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21 January
Thursday

World

The UK granting a record "5 passports a minute" to Hong Kong residents

A representative of China's Foreign Ministry accused Britain of violating its commitments to the international community.

Photo: Barcroft Media

/NOVOSTIVL/ As China has strengthened its control over Hong Kong's government this year, Hong Kong citizens have sought out a record number of UK passports, says a report.

The UK Passport Office issued more than 200,000 British National (Overseas), or BN(O), passports to Hongkongers in the first 10 months of the year, a rate that roughly equaled five every minute, according to Bloomberg News, which got the data from the UK Passport Office with a Freedom of Information Act request.

In October, about 60,000 such passports were issued, a more than 50% jump from the same month a year earlier, according to Bloomberg. The UK has issued more passports to Hong Kong residents than any year since 1997, when it handed the country back to China.

At a briefing on Friday, Hua Chunying, a spokesperson for China's Foreign Ministry, said her country has "made clear its position on the BN(O) passport issue." She accused the UK of interfering with political affairs in China and Hong Kong.

According to an official transcript, she said: "It is the British side that has been violating its commitments and repeatedly exploiting the BN(O) passport issue to interfere in Hong Kong affairs and China's internal affairs. The British side broke its promise first. China will consider not recognizing BNO passport as valid traveling document, and China reserves the right to take further measures."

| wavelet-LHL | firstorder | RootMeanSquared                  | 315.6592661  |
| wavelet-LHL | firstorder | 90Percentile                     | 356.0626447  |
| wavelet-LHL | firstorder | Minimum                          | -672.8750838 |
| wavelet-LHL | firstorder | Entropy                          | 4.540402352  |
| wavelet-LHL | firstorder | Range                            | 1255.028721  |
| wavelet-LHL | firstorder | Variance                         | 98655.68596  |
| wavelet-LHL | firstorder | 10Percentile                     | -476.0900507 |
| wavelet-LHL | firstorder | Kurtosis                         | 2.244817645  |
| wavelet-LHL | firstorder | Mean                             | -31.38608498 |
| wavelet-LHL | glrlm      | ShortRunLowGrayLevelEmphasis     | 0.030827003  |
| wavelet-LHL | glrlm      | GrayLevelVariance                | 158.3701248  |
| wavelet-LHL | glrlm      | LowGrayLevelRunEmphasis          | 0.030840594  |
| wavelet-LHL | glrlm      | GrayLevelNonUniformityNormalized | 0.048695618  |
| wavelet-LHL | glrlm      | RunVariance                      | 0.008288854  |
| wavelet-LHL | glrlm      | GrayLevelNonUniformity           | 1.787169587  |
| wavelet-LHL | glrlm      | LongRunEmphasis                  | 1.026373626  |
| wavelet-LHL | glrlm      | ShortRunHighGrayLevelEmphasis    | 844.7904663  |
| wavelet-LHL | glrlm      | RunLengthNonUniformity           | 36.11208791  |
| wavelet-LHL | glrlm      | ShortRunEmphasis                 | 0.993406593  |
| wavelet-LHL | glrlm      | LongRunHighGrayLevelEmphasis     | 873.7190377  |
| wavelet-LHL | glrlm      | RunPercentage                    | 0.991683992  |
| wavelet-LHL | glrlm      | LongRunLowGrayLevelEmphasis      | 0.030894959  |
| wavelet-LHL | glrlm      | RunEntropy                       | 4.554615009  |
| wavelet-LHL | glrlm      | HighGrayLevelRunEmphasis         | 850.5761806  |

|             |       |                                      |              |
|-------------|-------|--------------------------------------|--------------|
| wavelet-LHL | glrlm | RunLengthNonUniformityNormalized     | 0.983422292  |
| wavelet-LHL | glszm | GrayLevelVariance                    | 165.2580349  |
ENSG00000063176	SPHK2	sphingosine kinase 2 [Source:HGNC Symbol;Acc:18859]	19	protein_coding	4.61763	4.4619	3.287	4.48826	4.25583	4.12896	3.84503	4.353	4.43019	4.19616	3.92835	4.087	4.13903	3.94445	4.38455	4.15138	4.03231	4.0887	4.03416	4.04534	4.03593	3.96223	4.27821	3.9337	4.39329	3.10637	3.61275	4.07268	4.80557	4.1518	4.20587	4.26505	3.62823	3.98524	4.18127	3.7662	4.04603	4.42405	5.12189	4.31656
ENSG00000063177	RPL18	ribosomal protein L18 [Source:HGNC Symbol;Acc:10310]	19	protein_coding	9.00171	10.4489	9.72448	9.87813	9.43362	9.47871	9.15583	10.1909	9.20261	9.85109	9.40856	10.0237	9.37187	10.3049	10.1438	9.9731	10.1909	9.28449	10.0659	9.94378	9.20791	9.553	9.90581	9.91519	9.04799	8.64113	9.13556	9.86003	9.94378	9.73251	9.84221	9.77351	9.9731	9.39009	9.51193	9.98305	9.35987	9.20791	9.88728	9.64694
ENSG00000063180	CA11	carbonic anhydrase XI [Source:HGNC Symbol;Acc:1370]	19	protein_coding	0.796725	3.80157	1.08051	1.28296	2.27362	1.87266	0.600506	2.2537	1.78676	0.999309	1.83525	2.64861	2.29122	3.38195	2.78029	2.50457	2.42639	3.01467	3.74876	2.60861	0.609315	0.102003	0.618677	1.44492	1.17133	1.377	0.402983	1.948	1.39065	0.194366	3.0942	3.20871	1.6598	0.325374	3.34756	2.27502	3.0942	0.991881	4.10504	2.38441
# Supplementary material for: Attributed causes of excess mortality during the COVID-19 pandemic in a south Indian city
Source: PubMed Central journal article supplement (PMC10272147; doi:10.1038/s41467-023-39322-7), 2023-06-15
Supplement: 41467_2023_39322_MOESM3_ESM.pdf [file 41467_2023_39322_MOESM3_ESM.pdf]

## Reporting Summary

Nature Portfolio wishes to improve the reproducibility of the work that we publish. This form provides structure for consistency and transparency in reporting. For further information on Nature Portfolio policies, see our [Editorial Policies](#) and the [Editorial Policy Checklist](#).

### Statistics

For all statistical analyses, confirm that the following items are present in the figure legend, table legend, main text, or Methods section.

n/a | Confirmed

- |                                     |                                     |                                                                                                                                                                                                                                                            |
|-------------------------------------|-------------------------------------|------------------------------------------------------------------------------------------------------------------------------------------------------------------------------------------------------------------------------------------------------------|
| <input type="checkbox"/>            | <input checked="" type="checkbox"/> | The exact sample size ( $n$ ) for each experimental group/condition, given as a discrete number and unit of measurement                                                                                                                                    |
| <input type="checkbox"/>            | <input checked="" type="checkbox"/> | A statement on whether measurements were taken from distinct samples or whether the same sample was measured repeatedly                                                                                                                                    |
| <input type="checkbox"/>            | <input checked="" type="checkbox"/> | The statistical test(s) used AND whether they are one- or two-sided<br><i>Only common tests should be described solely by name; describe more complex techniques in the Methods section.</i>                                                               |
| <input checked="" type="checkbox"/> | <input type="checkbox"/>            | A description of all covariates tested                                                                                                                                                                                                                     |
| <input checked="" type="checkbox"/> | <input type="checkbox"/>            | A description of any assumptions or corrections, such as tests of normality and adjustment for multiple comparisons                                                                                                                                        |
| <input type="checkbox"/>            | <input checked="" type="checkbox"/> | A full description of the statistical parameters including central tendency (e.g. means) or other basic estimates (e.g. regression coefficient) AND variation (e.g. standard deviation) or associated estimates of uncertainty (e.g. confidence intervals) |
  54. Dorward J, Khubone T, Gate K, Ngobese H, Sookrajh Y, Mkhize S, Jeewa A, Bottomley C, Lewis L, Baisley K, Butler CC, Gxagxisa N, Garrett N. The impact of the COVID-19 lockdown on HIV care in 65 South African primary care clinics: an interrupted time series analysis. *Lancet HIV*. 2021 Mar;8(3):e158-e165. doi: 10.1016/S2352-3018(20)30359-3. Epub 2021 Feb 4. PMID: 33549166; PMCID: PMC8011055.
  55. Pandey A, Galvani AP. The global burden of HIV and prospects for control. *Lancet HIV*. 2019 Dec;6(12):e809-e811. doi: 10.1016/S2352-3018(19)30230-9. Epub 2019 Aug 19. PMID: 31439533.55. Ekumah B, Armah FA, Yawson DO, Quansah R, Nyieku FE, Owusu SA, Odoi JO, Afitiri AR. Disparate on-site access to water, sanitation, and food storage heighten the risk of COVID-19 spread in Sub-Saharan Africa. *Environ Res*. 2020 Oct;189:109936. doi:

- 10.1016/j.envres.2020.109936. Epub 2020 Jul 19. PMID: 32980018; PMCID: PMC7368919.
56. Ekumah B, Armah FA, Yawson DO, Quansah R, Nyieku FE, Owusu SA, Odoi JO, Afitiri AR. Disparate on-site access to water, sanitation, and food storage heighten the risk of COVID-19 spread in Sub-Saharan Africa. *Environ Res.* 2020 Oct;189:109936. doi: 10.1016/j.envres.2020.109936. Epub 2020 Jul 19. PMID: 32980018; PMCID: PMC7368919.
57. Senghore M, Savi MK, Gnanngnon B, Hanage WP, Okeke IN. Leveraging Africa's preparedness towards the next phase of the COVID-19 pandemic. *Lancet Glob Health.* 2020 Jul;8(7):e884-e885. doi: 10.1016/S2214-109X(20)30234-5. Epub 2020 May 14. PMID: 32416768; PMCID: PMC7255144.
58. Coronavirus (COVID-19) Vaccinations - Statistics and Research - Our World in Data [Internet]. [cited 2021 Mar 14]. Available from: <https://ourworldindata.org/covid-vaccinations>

The number of passports issued to Hongkongers so far this year is shy of the total 3 million offered by the UK's prime minister, Boris Johnson, who announced the country would issue the passports in July. China responded by threatening to stop recognizing BN(O) passports.

Johnson's announcement came amid months-long protests in Hong Kong, which since 1997 has been a special administrative region of China. Pro-democracy advocates and demonstrators there have said China's restrictive new security law is stripping away freedoms.

Since the security law passed in June, the US has increased sanctions on banks doing business in Hong Kong. The latter's leader, Carrie Lam, told an interviewer late last month that she's unable to open a bank account, and her $56,000 monthly salary is piled up in cash in her apartment.

The US secretary of state, Mike Pompeo, on Wednesday issued a statement condemning "political persecution" of pro-democracy advocates in Hong Kong.

"The use of courts to silence peaceful dissent is a hallmark of authoritarian regimes and underscores once again that the Chinese Communist Party's greatest fear is the free speech and free thinking of its own people," he said.

China responded by saying it was "a country under the rule of law."

Chunying said: "We urge certain US politicians to stop meddling in China's Hong Kong affairs and deliberately smearing and blaming China in the name of so-called freedom and democracy. In fact, the more they did so, the more people will see through their double standards and hypocrisy."

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